Plotting goes off the rails here. Although Alex is supposed to be ‘expert’ he really doesn’t have much to offer–all they do at home is kill weres asap. When challenged that the Australians could just rely on ‘lore,’ Alex claims he knows something new: a ‘cure’ that may kill as much as it saves. Interestingly, once he makes a single attempt to create the ‘cure,’ it isn’t mentioned again. There’s also a lot of confusing bits about how loupism is a virus that effects anything over 70 pounds or so. We know this from Alex’ history with the werehorses with herbivore teeth and suspiciously hoof-like appendages, but later in the book we’re told that the original species of animal is indistinguishable after transformation. It’s like information Alex supplies becomes whatever is needed at the time; there’s no laid-out explanation for the stupid Australians. When Alex takes an initial opportunity to share information with the group, he tells them it could be a nation-wide disaster, followed with the obvious advice of monitoring bitten people for 28 days and to try and track down the source patient.

It’s just a mess for me, missing the humor, the fun and the creativity of the other books in the series and replacing it with a low-grade description of the worst visit-the-girlfriend’s-parents saga ever. Since the plotting relies on an unbelievable amount of stupidity and closemindedness followed by convenient discoveries that have almost nothing to do with actions of the leads, it isn’t enjoyable on a mystery level. I missed the creative new creatures. Though there’s a ‘Field Guide’ at the end of the book, it is an unnecessary device as everything centered on the werewolves. Honestly, I’d only recommended it if you love everything McGuire does.

About thebookgator

avid reader and Goodreads reviewer looking for a home.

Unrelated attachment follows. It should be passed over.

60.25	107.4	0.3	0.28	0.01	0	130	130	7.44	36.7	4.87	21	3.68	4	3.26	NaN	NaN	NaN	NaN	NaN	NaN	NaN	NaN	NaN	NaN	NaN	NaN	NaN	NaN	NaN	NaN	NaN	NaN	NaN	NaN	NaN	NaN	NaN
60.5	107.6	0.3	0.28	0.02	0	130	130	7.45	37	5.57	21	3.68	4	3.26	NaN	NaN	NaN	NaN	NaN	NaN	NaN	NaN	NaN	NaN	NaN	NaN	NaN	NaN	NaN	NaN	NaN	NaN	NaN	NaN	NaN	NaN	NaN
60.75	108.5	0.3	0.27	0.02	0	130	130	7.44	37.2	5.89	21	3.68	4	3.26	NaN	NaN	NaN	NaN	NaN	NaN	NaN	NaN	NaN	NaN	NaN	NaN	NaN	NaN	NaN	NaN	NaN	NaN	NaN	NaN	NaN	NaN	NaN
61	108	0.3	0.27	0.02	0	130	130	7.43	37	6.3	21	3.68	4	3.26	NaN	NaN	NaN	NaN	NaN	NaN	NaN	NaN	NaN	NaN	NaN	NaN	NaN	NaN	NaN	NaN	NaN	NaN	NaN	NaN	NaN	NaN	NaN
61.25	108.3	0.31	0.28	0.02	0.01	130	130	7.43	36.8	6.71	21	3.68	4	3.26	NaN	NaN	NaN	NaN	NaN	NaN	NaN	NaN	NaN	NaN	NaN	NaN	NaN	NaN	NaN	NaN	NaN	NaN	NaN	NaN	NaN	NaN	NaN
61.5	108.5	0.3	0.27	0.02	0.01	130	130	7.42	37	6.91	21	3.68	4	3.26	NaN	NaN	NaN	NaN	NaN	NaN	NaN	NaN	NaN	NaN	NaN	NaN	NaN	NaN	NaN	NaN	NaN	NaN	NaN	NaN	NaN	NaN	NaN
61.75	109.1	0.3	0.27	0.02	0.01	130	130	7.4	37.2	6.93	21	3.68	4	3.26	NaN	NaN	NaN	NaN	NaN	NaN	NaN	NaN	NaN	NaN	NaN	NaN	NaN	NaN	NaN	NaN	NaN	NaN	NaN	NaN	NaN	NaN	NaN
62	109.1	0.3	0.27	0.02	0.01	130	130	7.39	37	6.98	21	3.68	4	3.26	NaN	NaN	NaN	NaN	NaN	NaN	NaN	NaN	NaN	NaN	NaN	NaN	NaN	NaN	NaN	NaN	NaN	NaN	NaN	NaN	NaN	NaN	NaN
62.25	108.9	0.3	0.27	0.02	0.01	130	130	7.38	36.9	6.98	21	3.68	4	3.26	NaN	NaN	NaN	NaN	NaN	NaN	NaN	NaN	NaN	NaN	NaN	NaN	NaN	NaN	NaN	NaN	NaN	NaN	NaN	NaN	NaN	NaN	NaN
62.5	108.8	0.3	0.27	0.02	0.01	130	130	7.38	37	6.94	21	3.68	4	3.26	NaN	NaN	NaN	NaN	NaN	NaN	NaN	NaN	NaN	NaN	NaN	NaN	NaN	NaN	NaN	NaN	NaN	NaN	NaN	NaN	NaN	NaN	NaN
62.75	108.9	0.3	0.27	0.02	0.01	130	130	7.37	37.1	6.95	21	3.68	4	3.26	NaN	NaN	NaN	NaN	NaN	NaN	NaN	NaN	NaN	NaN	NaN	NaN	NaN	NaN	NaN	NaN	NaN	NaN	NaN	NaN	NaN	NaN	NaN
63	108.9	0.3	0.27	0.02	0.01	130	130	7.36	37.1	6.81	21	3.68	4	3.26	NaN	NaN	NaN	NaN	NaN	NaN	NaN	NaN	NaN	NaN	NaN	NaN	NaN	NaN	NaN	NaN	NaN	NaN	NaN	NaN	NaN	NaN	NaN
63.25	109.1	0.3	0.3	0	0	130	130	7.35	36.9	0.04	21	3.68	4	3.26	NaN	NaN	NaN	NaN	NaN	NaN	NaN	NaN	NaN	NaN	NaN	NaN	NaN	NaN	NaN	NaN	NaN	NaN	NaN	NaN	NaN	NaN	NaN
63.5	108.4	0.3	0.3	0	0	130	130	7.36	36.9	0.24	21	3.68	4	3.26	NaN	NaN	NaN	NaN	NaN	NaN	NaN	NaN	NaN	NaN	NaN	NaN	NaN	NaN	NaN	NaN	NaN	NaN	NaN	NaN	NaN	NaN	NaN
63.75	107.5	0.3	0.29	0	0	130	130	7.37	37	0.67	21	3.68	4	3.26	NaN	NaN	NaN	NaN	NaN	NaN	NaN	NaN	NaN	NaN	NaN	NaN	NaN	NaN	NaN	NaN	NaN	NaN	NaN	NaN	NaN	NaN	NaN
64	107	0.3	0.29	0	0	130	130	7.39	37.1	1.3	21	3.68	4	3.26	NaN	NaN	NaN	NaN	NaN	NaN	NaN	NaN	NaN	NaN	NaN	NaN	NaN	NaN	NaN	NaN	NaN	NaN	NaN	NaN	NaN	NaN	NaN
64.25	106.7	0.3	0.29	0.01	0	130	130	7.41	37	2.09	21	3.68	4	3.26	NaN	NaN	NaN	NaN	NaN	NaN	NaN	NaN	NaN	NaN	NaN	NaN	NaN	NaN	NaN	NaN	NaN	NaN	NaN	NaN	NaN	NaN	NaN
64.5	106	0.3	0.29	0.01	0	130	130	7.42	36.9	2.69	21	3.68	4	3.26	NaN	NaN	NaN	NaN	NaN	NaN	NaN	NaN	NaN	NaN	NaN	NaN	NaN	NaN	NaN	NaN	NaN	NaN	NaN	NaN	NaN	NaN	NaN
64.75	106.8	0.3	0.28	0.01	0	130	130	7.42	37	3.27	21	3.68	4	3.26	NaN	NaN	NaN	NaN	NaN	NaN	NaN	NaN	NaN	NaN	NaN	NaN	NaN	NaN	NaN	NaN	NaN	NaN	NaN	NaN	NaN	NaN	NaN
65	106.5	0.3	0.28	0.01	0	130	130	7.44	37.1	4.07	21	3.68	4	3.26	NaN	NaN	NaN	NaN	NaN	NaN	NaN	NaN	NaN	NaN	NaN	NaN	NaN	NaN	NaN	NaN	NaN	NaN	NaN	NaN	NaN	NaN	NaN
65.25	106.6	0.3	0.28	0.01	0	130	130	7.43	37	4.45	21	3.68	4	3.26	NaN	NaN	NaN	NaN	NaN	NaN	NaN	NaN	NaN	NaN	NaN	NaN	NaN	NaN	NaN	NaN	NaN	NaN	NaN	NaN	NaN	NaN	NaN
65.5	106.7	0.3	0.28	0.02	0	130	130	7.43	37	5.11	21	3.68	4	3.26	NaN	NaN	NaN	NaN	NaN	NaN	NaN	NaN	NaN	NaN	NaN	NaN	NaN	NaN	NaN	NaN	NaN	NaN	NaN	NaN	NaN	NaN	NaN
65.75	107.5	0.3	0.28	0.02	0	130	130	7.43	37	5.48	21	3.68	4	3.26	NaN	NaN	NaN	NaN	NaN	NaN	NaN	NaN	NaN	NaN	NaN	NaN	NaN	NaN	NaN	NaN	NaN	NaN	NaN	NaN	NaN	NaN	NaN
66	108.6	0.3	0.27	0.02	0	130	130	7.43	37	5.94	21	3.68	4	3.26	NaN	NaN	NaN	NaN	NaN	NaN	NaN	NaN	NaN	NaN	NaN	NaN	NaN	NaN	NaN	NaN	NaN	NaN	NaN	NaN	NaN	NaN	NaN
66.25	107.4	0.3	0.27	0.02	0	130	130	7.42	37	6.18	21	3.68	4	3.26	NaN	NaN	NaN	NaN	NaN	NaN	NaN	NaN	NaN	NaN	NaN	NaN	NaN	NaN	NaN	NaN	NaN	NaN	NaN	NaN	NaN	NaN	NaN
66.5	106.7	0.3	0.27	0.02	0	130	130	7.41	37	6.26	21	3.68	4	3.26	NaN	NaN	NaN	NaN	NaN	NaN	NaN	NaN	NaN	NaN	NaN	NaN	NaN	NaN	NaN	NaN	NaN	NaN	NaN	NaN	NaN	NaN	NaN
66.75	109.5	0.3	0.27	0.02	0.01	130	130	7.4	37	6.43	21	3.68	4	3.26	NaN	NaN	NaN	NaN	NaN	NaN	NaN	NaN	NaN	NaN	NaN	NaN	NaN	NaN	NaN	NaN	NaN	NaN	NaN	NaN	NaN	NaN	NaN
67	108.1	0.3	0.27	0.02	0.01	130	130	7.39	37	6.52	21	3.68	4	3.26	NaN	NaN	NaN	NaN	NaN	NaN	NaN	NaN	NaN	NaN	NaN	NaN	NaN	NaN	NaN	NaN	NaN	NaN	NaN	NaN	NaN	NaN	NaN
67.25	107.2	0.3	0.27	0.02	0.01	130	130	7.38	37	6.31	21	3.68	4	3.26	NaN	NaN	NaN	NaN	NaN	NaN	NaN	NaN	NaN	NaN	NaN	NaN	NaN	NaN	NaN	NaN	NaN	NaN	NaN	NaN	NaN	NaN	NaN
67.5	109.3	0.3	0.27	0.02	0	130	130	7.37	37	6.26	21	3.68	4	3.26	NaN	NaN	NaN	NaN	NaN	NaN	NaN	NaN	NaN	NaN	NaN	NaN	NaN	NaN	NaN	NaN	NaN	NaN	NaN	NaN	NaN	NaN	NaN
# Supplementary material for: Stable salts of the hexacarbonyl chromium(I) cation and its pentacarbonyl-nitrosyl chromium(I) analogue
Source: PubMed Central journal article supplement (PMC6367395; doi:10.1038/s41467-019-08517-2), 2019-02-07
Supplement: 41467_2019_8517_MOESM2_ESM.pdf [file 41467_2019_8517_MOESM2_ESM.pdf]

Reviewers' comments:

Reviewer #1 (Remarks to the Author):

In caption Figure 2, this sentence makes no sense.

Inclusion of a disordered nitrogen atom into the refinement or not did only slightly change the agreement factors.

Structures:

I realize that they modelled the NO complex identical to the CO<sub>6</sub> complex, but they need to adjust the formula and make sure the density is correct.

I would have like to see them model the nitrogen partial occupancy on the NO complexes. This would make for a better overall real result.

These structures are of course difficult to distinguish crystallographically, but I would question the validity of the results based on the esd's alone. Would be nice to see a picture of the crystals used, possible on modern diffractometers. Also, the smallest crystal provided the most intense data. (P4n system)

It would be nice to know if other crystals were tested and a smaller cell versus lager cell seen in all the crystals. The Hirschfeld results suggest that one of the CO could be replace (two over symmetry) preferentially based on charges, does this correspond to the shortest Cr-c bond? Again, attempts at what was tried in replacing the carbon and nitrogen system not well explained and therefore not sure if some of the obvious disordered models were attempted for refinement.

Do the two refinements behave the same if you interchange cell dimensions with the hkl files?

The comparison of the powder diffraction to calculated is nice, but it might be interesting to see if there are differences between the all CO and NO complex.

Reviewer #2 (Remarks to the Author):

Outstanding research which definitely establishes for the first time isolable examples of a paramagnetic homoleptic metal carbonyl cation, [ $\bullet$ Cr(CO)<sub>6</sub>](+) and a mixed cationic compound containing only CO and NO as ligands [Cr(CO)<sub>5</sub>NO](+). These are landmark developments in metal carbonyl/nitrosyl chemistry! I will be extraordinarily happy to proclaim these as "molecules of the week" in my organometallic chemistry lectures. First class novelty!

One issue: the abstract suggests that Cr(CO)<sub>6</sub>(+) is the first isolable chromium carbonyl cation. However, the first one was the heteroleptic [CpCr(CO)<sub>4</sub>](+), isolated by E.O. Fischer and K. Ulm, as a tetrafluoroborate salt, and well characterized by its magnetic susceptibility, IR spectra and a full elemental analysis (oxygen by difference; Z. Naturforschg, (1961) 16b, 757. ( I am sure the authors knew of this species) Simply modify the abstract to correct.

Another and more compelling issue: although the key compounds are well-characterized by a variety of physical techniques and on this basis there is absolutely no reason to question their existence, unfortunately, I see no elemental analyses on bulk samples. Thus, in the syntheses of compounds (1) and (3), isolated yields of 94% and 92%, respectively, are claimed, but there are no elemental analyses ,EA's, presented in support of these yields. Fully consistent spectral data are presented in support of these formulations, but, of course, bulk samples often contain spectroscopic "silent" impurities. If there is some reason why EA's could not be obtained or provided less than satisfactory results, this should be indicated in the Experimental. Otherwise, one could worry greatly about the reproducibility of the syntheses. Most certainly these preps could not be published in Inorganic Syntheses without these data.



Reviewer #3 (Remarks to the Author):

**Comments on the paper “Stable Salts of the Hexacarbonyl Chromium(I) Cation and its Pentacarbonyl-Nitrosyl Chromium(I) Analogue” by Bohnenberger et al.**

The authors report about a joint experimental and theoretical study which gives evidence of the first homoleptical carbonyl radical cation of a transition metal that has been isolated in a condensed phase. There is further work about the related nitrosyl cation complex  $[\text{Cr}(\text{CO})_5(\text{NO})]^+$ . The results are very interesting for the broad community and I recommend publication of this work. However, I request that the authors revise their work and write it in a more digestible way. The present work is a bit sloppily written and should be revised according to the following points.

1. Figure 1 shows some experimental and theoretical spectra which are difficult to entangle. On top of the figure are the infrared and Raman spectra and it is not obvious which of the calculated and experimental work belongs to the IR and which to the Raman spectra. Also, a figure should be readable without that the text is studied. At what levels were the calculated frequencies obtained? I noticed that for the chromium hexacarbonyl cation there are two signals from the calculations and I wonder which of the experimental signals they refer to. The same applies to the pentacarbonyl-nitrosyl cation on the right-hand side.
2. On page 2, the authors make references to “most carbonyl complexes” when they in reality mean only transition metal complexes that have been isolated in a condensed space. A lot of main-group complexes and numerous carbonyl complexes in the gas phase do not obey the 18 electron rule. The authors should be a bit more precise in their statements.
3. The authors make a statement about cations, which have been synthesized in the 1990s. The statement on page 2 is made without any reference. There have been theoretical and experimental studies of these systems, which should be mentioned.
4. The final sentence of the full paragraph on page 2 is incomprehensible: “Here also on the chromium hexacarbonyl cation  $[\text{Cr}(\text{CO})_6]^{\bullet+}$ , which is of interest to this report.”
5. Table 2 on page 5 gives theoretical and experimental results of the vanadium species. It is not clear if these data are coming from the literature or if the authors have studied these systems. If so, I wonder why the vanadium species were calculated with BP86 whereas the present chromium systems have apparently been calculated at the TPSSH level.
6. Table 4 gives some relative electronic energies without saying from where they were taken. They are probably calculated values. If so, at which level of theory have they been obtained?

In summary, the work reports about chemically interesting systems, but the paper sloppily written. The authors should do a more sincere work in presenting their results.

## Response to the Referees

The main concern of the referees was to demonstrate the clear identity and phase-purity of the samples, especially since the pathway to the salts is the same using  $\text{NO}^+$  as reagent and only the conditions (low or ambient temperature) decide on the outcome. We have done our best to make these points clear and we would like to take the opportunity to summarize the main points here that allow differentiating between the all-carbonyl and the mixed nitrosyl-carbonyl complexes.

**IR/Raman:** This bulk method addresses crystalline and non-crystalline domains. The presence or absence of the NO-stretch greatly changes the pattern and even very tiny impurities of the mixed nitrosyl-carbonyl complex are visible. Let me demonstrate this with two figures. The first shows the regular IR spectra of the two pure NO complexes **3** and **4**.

This entry was posted in Book reviews, Urban fantasy and tagged , , . Bookmark the permalink.

6 Responses to Pocket Apocalypse by Seanan McGuire. It’s an apocalypse, all right.

  1. neotiamat says:

    Ouch. Mind, while I’ve not read this book, I’ve read enough of McGuire’s other late-series stuff to suspect that it is very accurate. It’s weird, her series tend to *start* very well, and then….

    • thebookgator says:

      You make an excellent point–I’ve found that to be true as well, except with the October Daye series, in which book one and two feel like she’s finding her feet. I liked Feed, I loved the first in this series, and think her short stories in this series are fun. Her strengths are normally world-building, not really plotting.

      • neotiamat says:

        Agreed. She’s very good at world-building, she’s good at raw writing (language, dialogue, basically making it all easy to read and flow well), and her characters are usually interesting if not overly deep. Plotting tends to be fairly rudimentary, yes.

        I suspect that at a certain point, the world-building runs out, the weakness of her plotting then comes out, and the characters gradually wear out their welcome. It is sometimes faster, sometimes slower (I think the Toby Daye series does decline, but it lasts strongly until, oh, book 8-ish or so, while Velveteen goes off the rails with book 3).

        I have not actually read Feed — how similar is it to her other work?

      • thebookgator says:

        You nailed it. World-building starts to fall apart and the characters start to feel too similar to all the others. Feed… first person, which seems to be the voice she likes. Interesting world-building (zombie outbreak with need to test, etc), interesting lead character(s). Falls off badly with plotting, particularly near the end. 🙂 So, in that sense, like all of her stuff. 😀 You know my zombie fascination, so that part was reasonably fun for me.

  2. Karl says:

    I don’t read McGuire, after your excellent review, I don’t see me starting to either. A nice job in doing a public service !

Leave a Reply

Fill in your details below or click an icon to log in:

WordPress.com Logo

You are commenting using your WordPress.com account. Log Out /  Change )

Google photo

You are commenting using your Google account. Log Out /  Change )

Twitter picture

You are commenting using your Twitter account. Log Out /  Change )

Facebook photo

You are commenting using your Facebook account. Log Out /  Change )

Connecting to %s

This site uses Akismet to reduce spam. Learn how your comment data is processed.